Take some time to savor the remaining portion of Psalm 73. We can smile at Asaph’s ruthless honesty when he admits being a “brute beast.” And we breathe a sigh of relief as Asaph finally finds peace for his troubled soul.
The world will continue to be complicated and confusing, but we do have a safe place—a refuge—for our emotional and intellectual distress.
The psalmist’s conclusion resonates with my deeply felt need for soul rest.
My flesh and my heart may fail, but God is the strength of my heart and my portion forever. . . . But as for me, it is good to be near God. I have made the Sovereign LORD my refuge; I will tell of all your deeds (Ps. 73:26, 28).
May we all be able to declare, even amid uncertainty: “It is good to be near God.” And may we all have stories to tell of how He has refreshed our souls.
A Seismic Shift
They were invited to follow Him and along the way discovered their purpose—a culture-changing message.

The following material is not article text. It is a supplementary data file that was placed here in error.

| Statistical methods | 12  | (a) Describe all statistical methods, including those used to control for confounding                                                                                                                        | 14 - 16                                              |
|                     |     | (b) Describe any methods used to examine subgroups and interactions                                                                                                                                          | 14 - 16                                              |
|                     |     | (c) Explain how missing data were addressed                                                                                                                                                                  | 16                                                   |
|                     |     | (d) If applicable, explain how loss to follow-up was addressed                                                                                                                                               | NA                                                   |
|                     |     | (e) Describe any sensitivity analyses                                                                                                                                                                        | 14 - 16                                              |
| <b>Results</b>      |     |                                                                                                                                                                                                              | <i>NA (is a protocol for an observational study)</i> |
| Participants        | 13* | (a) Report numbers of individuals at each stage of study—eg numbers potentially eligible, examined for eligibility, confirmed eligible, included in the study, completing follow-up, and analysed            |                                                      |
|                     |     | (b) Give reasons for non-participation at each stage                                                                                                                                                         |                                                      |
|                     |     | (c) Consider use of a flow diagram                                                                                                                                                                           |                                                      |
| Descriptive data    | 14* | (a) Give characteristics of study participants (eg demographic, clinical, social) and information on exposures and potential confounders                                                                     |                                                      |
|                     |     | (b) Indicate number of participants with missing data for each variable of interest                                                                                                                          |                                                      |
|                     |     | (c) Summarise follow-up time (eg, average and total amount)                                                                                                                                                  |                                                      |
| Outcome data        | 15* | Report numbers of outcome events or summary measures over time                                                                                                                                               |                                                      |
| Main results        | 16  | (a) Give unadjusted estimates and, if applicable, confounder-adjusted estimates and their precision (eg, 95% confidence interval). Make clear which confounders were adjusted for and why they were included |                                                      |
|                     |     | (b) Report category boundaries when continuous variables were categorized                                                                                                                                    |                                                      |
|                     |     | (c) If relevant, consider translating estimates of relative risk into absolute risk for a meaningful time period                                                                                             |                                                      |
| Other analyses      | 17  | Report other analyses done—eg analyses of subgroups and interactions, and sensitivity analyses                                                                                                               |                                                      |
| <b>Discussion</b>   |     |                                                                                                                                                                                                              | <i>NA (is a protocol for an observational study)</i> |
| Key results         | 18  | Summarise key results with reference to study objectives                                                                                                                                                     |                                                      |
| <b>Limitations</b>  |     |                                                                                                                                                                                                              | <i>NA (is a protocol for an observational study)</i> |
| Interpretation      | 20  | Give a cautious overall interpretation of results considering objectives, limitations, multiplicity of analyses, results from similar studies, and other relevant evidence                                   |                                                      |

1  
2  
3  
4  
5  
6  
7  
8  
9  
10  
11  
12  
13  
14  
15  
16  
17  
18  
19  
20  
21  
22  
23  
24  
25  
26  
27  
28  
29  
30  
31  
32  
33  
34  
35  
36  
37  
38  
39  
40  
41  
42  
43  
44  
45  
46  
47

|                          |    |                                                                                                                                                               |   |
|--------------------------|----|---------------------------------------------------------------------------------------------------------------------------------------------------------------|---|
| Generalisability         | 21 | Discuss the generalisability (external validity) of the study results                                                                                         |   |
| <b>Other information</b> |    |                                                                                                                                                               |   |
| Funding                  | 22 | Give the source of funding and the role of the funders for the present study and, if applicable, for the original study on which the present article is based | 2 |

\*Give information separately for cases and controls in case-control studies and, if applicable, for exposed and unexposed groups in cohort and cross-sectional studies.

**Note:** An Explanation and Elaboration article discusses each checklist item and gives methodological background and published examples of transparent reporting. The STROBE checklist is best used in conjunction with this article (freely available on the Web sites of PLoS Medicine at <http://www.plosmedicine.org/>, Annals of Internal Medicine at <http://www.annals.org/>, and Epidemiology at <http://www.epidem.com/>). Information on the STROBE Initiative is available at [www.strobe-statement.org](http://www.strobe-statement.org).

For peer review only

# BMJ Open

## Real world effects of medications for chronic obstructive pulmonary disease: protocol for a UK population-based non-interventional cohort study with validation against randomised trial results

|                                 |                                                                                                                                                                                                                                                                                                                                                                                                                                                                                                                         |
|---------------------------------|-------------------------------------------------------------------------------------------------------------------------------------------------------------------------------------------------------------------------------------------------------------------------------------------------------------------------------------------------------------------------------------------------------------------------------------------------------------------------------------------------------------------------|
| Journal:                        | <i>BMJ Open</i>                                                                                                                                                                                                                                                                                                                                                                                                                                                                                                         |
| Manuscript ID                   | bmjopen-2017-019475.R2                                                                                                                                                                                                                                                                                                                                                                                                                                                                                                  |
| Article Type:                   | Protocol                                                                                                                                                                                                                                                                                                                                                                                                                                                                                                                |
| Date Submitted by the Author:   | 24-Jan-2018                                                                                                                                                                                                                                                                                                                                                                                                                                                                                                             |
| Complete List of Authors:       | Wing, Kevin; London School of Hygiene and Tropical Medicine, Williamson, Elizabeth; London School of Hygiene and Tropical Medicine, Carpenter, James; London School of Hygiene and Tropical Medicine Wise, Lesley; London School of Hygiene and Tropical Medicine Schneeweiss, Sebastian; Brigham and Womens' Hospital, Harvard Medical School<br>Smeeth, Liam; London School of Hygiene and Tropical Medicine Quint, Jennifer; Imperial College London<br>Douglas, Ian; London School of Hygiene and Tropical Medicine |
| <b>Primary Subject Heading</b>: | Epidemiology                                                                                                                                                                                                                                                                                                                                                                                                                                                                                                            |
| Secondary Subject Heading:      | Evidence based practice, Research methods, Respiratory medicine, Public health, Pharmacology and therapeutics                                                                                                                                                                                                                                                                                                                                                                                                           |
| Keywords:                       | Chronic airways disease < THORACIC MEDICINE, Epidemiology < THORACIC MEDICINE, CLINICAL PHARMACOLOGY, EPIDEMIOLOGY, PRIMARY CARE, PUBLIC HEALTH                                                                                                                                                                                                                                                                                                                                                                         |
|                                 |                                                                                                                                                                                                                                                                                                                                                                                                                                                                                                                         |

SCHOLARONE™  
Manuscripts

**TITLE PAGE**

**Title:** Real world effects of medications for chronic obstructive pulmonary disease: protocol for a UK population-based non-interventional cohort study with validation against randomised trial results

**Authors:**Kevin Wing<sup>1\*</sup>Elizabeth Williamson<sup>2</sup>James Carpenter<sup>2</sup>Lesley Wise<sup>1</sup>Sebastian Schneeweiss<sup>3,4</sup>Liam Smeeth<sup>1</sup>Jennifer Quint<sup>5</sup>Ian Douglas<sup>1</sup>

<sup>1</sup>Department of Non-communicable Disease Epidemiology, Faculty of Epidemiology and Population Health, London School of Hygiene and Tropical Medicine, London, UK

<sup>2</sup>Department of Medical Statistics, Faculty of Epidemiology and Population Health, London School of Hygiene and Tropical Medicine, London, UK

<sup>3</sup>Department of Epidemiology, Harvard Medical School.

Then their leader was arrested, and they all scattered (see Matthew 26:56). When He was crucified, the earth shook (see Matthew 27:51). And Jesus’ disciples experienced a seismic shift, a foundational reordering of their expectations.
As they quarantined themselves, locking the doors for fear of their own leaders (see John 20:19), perhaps they asked themselves: What do we do now? How long should we stay here? What do we do next? Is it time for us to disband?
The disciples had been shaken. Sound familiar? We, too, have experienced disruption, confusion, uncertainty, and tumult in these days. We are wrestling with the realities of COVID-19 and racial injustice and tensions in our communities. Our assumptions and expectations are being challenged. Our faith perspectives are being examined.
Yet this upheaval does not have to be devastating; the unstable unpredictability of today’s circumstances could very well be God’s grace to us.